The Psychology of Playing Hard-to-Get Game : Does It Work? When meeting potential partners, some of us are more distant or act disinterested.
Charles Darwin noticed this idea of elusive play in relation to mating in 1871, which some interpreted as shyness. This term as defined by Oxford Dictionary of Educationrefers to “being shy or pretending to be shy and innocent, especially about love or sex, and sometimes to get people more interested in you.”
Sound familiar? Research has actually documented this behavior or idea in humans many centuries before Darwin.
Whether or not it has ancient evolutionary roots, modern social scientists have analyzed the idea of hard-to-reach play and how this phenomenon affects human relationships. This includes the question of whether it is really useful or not.
Does the game Hard to Get work?
Some studies, such as 2020 survey in Journal of Social and Personal Relations, reveal that showing less interest and being more selective can make a potential suitor want you more and subsequently put more effort into winning you over.
The study’s authors explain one possible reason why this tactic may be successful: “Uncertainty about the romantic interest it evokes may lead to increased psychological concern with that person.”
In other words, you just think more of the person. It’s comparable to wondering if your favorite fast food restaurant is still open late at night, then suddenly craving their spicy chicken sandwich even more.
The psychology of playing Hard to Get
However, the researchers of another study looking at this strategy, explain how there are different pathways in the brain’s reward circuitry for the ‘liking and wanting response’. So there’s a difference between wanting something and finding the motivation to get it versus liking it.
Actor Aziz Ansari, in his book modern romance, explains an idea from social psychology known as the scarcity principle. It can help us explain why we want more of something when we can’t have it.
“We generally see something as more desirable when it is less available,” Ansari writes. “When you text someone less often, you’re actually making yourself scarcer and more attractive.”
Although Ansari is not a scientist, similar ideas have been demonstrated in studies of dynamic psychology.
Wanting what you can’t have
Lack of predictability – or responsiveness and approachability – has been shown to increase the amount of time and money a stalker is willing to spend on someone.
Participants in a 2013 study in European Journal of Personality were willing to spend more for someone with “low availability,” about $50, compared to about $39 for someone who was highly available. Similarly, participants in the experiment were also willing to spend more time with the “low-availability friends.”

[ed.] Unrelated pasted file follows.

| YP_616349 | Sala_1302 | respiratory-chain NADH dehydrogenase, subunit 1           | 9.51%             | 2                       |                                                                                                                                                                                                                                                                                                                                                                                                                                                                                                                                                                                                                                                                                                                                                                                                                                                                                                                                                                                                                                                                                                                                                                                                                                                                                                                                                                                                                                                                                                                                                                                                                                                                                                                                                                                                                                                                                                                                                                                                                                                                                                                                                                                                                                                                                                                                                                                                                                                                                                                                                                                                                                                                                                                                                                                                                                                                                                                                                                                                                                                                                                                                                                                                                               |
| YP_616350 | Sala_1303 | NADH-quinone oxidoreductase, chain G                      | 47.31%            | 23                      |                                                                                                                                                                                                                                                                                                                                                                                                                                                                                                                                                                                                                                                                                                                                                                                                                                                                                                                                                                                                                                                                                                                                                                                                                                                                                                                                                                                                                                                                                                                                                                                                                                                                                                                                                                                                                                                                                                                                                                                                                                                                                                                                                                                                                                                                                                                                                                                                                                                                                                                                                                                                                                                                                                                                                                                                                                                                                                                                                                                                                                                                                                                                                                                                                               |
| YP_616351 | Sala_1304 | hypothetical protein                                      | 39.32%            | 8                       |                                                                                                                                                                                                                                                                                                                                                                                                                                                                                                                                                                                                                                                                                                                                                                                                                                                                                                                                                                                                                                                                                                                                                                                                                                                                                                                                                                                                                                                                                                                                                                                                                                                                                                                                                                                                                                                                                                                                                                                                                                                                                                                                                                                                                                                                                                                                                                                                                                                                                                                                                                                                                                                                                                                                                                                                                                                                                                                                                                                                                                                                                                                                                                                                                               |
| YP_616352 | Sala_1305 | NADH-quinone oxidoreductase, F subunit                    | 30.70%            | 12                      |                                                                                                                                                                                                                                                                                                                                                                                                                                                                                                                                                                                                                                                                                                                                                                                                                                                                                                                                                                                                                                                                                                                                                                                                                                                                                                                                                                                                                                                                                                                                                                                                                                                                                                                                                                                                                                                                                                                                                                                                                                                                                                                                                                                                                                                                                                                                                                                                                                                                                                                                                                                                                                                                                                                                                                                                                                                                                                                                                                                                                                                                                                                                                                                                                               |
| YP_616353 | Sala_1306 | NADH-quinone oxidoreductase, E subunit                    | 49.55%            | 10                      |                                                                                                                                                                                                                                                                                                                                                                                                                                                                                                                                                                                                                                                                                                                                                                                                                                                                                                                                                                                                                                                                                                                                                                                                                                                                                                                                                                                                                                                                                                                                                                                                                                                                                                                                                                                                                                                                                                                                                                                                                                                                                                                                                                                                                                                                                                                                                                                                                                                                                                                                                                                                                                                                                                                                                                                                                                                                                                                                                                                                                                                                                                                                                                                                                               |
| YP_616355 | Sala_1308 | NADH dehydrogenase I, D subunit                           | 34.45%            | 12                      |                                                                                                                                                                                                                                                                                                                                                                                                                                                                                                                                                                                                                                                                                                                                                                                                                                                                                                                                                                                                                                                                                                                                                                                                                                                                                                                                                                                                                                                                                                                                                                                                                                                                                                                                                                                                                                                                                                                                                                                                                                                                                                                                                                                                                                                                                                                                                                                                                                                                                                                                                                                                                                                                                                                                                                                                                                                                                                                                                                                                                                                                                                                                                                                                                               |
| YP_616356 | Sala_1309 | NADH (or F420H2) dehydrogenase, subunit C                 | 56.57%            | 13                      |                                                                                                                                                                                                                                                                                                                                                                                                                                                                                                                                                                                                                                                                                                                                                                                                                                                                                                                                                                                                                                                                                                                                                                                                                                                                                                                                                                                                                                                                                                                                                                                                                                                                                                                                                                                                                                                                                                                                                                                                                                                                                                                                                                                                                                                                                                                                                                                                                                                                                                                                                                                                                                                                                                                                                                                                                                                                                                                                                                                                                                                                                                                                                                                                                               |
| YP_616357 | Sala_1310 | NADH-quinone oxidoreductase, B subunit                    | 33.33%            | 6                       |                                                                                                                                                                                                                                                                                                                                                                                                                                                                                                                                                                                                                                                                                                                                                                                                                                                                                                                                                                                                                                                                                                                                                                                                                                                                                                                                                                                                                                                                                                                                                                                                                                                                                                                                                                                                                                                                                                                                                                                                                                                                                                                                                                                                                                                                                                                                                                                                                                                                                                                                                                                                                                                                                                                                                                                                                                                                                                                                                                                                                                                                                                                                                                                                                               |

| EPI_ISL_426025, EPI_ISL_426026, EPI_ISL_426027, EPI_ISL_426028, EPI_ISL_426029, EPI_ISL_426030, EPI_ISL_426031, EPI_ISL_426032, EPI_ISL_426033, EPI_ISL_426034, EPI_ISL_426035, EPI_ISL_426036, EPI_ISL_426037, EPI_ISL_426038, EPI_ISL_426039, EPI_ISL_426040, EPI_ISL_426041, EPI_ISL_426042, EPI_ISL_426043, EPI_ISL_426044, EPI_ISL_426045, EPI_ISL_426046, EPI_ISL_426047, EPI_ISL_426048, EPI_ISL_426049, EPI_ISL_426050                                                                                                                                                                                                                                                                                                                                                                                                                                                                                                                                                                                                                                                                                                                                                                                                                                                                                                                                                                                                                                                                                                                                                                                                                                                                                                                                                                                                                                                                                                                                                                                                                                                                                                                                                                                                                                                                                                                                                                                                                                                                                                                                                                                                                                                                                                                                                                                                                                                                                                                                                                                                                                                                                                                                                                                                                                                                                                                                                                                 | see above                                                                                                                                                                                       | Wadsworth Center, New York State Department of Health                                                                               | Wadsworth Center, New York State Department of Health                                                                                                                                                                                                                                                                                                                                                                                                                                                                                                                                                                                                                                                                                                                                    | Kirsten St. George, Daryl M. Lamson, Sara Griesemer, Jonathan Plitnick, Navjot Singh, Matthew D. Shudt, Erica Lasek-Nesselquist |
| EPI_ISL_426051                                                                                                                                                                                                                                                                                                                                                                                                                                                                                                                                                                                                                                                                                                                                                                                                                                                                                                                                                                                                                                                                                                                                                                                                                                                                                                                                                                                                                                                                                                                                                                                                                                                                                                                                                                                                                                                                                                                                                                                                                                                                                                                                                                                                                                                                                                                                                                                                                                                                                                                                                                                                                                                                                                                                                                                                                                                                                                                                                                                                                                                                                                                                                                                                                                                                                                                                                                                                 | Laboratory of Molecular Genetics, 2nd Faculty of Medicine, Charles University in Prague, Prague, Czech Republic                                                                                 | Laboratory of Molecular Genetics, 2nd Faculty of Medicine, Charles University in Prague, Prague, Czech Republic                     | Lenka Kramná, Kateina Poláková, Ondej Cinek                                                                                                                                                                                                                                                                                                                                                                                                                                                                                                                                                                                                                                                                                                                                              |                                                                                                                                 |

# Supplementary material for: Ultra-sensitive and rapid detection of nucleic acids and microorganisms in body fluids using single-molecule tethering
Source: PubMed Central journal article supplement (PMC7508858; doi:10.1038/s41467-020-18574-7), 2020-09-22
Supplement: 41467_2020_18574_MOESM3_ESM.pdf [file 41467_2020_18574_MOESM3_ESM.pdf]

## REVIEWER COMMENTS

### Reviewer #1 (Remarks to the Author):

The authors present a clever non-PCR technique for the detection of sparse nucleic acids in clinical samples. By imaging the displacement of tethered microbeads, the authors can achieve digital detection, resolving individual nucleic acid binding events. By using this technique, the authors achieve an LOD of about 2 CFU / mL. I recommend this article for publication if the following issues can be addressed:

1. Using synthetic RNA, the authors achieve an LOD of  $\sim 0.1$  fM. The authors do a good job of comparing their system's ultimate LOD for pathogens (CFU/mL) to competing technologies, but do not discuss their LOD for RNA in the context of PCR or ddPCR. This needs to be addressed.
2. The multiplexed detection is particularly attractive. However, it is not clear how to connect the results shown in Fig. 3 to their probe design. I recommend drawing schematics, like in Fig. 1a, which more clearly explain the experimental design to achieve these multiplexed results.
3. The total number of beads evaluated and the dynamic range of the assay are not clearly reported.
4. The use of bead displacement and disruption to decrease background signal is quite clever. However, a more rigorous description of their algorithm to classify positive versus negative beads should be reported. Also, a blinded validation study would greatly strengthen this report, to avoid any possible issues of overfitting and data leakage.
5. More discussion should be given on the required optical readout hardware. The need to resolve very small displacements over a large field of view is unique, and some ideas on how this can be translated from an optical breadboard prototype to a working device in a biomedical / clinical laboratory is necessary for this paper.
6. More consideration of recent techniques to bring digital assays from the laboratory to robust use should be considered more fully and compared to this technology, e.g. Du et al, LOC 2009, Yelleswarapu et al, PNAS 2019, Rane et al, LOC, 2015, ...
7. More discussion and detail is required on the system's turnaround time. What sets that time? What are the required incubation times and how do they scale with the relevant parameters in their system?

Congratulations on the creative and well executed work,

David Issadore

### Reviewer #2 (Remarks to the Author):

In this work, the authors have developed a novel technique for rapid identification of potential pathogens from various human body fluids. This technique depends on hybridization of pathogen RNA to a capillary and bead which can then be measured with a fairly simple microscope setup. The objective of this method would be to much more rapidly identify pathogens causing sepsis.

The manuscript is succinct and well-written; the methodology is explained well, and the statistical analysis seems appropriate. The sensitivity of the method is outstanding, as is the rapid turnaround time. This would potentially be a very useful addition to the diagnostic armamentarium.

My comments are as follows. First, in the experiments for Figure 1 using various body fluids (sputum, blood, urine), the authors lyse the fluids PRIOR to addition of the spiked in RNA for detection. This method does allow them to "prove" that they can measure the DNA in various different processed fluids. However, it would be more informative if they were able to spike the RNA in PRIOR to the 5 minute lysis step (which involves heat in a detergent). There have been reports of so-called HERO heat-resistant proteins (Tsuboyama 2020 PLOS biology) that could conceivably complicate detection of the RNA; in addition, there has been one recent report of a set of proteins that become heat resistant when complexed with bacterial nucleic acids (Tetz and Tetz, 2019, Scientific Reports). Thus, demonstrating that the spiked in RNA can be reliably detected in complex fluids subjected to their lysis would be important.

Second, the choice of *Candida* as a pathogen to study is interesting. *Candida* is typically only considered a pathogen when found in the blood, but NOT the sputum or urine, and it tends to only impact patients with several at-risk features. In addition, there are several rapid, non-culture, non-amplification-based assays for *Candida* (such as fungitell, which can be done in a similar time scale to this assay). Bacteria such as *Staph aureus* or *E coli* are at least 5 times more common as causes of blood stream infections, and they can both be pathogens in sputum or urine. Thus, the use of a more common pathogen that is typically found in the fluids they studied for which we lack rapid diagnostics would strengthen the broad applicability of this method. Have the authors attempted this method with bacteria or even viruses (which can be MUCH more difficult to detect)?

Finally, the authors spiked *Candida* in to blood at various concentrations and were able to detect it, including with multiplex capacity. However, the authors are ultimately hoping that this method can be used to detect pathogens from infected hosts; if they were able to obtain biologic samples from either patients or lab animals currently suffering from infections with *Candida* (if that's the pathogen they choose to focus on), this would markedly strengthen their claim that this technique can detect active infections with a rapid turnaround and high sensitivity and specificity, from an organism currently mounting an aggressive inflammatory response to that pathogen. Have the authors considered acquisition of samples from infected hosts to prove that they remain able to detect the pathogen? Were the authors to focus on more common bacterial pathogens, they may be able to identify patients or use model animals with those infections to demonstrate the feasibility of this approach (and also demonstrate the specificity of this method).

Alexandra Solomonlicensed clinical psychologist and author and host of Rethinking Love podcast, says that some people often enjoy the challenge of finding someone who isn’t overtly available. However, Solomon emphasizes that this is not the case necessarily healthy.
Does Hard to Get work with online dating?
So if you’re not as available or don’t make your interest known right away, there seem to be advantages. Yet some studies also suggest that playing a hard-to-reach game isn’t the best way to go when it comes to gaining someone’s interest and subsequent effort.
For example, the researchers of 2018 survey published in Computers in human behavior found that participants who showed more interest through online interactions and messages received more effort in return. (Basically, who wants to be rejected and waste their energy, right?)
The tendency for people to like those who like them, the researchers wrote, has long been theorized and demonstrated to promote relationship initiation.
Attachment styles and dating
Researcher Omri Gilat is helping to provide a potential explanation for what kind of hard-to-reach person pursues these so-called players, and why.
in research published in Journal of Social and Personal RelationsGilat and co-author Jeffrey Bowen explain how different attachment styles exist, such as anxious and avoidant.
As you might guess, people high in attachment avoidance tend to avoid intimacy. Not only do those with an avoidant attachment style play hard-to-get more than anxiously attached individuals, but for these people, “playing hard-to-get is less of a romantic strategy and more of a survival instinct,” Gilat writes in Psychology Today.
Interestingly, people with attachment anxiety, or people who tend to need more reassurance, also tend to pursue people who are hard to find. There are various speculative reasons why this might be the case, each wrapped around unique factors and circumstantial patterns.
Finding the One
The reality is that personal attachment styles and life experiences can play a role in how you specifically behave in the dating world and why.
It is also important to note that most studies have limitations and recreating real-life dating scenarios can be challenging.
While some people enjoy the chase or challenge that can come with dating, finding someone who is open to a willingness to partner, Solomon says, can be important. Of course, if you want that too.
So far, research suggests that you shouldn’t be too aloof, but a moderate amount of uncertainty and mystery might not be a bad thing. And if you’re the one doing the chasing, make sure you’re not out of breath running in circles to catch someone who might actually be uninterested.
After all, preserving your own mental health and well-being in the process is key to making healthy decisions in your romantic partnerships.
Read more: Do relationships affect our physical health?